EMP threats: Could an electro-magnetic pulse weapon wipe out the power grid?

Do We Really Need to Worry About Electro-Magnetic Pulse Weapons Wiping Out the Power Grid?

Do We Really Need to Worry About Electro-Magnetic Pulse Weapons Wiping Out the Power Grid?

The citizen’s guide to the future.
July 2 2015 11:54 AM
FROM SLATE, NEW AMERICA, AND ASU

Who’s Afraid of the Big Bad Pulse?

Some in Congress and the private sector want to spend a lot of time—and money—preparing for the threat of electro magnetic pulse weapons. But is that the right priority?

Power distribution station with lightning striking electricity towers.
According to the Department of Energy, severe weather accounts for the majority of power outages.

Josemaria Toscano/Shutterstock

This piece was adapted from an article that originally appeared in the SAIS Review of International Affairs.

While testifying before Congress in May, Peter Pry warned that a rogue state or terrorist could attack the United States with a weapon that would kill 9 out of 10 Americans “through starvation, disease, and societal collapse.”

That fearsome weapon? An electromagnetic pulse. Pry, executive director of the EMP Task Force on National and Homeland Security, a congressional advisory board, described a scenario in which an adversary could detonate a nuclear device in the atmosphere over the United States, which would in turn generate an EMP that would cause catastrophic damage to the nation’s electricity grid, resulting in long-term, national power outages.

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It is, indeed, a frightening scenario—and it isn’t the only threat to the nation’s electricity grid. U.S. critical infrastructure is also vulnerable to cyber and physical attacks. The risk of such attacks is real, and, in some cases, growing. But don’t run out and stock your bomb shelter with whale oil just yet. In fact, odds are you have far more to fear from nut-obsessed squirrels than nutty extremists when it comes to the reliability of your electricity.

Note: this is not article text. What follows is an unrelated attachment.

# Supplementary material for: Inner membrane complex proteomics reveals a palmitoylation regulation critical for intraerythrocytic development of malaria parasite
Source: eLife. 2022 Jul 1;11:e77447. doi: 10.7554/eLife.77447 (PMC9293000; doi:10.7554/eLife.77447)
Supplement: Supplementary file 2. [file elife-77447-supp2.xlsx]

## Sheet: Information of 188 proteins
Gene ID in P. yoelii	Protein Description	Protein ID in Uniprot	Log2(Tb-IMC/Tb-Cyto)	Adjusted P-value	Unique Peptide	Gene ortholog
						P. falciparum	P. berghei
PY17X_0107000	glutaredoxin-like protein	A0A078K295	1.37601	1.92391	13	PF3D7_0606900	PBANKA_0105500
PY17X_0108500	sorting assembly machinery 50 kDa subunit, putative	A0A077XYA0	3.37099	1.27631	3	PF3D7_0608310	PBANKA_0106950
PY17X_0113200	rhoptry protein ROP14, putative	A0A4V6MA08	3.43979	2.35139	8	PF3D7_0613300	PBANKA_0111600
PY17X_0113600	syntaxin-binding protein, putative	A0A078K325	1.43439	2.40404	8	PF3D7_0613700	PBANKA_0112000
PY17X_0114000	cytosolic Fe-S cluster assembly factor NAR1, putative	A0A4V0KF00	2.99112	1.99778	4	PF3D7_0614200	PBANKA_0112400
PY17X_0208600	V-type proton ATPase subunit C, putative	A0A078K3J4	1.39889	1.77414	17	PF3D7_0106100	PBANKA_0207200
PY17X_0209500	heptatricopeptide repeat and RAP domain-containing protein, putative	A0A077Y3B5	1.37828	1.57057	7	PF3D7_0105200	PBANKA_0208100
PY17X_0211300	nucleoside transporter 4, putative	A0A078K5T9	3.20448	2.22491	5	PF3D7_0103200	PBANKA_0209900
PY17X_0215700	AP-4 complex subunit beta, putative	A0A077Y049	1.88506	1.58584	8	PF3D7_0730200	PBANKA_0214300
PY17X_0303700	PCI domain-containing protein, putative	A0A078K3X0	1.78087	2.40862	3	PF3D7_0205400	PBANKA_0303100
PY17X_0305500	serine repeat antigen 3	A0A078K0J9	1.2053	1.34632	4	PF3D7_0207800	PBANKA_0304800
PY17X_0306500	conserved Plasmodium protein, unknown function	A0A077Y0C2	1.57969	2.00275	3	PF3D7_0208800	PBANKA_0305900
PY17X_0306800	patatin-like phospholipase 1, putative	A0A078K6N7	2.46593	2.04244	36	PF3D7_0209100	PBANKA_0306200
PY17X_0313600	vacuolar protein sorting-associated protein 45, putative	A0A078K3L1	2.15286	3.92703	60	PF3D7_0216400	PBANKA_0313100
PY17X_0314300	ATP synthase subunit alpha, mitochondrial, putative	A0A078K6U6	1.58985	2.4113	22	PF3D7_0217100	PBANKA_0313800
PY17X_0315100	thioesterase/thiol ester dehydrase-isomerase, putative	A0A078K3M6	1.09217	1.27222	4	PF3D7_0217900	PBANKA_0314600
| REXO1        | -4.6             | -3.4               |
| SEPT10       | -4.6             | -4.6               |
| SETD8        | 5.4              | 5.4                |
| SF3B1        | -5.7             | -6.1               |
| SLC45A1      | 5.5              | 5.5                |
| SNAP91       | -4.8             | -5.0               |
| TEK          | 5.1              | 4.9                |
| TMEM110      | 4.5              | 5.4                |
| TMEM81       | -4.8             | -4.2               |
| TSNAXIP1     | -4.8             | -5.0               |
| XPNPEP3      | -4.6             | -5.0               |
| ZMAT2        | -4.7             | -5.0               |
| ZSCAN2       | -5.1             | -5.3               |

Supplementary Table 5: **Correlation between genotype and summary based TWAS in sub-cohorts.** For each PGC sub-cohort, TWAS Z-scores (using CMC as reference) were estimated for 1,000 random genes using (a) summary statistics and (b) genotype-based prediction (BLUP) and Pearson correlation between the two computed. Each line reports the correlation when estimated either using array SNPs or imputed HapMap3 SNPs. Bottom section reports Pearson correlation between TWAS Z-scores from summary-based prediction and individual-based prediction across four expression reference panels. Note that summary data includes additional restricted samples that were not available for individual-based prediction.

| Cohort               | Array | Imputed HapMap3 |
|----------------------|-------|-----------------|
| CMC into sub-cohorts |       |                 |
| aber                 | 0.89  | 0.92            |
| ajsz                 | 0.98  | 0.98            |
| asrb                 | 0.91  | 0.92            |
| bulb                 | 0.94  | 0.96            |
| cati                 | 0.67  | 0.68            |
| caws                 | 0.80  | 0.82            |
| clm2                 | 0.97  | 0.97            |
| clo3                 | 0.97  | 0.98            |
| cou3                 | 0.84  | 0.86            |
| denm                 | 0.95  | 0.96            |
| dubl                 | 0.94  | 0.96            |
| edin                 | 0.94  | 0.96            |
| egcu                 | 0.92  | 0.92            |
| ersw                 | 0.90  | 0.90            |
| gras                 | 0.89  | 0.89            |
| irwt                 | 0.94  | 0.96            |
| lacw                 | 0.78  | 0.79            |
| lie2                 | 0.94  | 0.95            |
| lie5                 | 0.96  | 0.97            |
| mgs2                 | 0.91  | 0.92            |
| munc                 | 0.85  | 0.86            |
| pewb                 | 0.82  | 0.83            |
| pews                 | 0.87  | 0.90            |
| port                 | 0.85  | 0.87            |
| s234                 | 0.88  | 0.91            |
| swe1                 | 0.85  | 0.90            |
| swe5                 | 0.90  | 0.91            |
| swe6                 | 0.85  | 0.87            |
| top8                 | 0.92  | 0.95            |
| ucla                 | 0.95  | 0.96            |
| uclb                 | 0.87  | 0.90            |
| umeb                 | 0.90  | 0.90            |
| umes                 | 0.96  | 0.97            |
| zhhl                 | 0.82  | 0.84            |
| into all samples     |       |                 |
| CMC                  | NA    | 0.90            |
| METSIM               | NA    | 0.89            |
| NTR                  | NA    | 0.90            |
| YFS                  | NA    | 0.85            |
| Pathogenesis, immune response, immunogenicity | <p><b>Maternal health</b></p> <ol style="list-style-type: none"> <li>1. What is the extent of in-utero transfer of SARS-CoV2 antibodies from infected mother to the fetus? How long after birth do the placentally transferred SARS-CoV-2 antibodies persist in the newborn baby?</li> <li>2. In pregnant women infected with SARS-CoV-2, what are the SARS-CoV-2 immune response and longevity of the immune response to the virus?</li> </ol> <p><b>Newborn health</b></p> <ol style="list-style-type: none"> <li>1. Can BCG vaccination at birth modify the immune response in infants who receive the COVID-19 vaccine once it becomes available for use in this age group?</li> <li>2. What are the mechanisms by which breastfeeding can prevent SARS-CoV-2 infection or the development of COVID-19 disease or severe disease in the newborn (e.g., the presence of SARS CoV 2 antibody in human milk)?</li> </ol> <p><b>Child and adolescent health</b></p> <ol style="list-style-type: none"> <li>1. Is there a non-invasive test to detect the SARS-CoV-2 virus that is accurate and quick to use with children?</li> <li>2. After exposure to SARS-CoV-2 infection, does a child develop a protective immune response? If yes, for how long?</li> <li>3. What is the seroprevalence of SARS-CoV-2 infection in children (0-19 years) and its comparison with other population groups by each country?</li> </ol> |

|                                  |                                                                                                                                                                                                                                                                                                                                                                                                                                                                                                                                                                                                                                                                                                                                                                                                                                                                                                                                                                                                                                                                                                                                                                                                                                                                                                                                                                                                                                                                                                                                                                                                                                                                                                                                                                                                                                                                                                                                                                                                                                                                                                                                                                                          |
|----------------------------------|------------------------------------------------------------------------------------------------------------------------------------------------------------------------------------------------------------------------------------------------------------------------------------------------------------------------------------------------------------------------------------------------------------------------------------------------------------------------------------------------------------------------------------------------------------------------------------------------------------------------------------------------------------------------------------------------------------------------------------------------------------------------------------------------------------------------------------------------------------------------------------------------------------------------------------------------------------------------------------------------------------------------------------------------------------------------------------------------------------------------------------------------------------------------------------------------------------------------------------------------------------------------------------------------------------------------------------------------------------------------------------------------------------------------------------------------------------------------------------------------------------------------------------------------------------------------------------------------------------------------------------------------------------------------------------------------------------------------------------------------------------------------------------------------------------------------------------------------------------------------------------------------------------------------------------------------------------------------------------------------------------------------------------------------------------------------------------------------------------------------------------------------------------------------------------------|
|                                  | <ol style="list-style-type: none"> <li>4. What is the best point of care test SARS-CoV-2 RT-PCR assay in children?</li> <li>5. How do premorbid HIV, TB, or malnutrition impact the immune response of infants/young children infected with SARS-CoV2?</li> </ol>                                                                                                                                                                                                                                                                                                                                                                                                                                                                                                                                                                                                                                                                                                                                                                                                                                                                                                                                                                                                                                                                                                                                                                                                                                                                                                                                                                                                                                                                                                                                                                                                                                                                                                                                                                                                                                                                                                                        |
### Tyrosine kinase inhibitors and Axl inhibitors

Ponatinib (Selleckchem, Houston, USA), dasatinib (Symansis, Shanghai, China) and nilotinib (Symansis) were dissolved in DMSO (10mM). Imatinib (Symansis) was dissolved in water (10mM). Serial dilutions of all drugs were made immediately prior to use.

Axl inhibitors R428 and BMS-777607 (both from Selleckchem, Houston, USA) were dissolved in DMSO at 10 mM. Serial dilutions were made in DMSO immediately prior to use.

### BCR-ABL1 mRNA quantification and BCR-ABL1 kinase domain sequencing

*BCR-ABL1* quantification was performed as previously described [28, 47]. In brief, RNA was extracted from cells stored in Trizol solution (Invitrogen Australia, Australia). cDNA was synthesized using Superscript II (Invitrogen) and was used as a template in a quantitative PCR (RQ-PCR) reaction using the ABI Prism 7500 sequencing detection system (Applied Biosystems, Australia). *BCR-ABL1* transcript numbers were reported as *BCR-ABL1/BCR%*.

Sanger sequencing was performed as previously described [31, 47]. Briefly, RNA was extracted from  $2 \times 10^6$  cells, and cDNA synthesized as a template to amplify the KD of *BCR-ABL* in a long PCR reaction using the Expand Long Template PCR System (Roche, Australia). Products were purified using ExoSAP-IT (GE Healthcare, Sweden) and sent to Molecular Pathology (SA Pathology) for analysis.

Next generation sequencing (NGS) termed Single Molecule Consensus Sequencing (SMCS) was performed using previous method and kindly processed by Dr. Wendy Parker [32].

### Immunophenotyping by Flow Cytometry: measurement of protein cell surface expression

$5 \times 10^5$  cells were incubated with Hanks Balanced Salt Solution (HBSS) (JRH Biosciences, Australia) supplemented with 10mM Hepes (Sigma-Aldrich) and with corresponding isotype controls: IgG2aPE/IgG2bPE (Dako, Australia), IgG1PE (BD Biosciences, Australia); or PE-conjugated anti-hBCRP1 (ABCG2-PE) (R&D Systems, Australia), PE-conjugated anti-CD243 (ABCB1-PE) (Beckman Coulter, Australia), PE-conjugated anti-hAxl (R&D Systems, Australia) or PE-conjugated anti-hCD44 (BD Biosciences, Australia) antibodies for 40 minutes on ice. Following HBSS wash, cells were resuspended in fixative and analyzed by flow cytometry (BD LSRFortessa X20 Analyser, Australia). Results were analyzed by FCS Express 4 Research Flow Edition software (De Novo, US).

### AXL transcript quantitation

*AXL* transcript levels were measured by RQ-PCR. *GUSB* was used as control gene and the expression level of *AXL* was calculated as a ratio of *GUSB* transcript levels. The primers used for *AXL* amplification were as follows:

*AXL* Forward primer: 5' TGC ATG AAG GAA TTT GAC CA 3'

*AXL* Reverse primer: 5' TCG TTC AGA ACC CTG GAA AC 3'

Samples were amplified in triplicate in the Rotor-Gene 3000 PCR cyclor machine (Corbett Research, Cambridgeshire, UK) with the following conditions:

That doesn’t mean there’s no cause for concern. Infrastructure has always been a target in a time of war, both to erode military capabilities and to bring political pressure to bear. The United States is fairly transparent about the locations of some major military and intelligence facilities, and key economic nodes are easy to pinpoint as well. The Sept. 11 attackers, after all, went after a military target (the Pentagon) and an economic one (the World Trade Center). In addition, most U.S. military bases are connected to civilian electricity grids, as are any economic targets, an interdependency that is well known. In this age of electricity, the grid is what the military calls a “center of gravity.”

So, how worried should Americans be about such attacks? As with most things, it depends—specifically, it depends on the threat.

First, there’s Pry’s scenario. An EMP attack resulting from a high-altitude nuclear detonation seems a possible but not very plausible scenario. An adversary looking to carry out such an attack on the United States would need ballistic missiles and nuclear weapons. The missiles either need to be capable of an intercontinental launch or have a platform that can both move within range of the U.S. homeland undetected and launch a missile.

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There are actors that either have or are seeking to acquire the capability to launch such a weapon (for instance, North Korea), but it is important to consider this threat in the context of the likelihood of an attack. The consequences of launching a nuclear strike on the United States would be severe, to say the least, so the motives of a potential adversary would be a key question.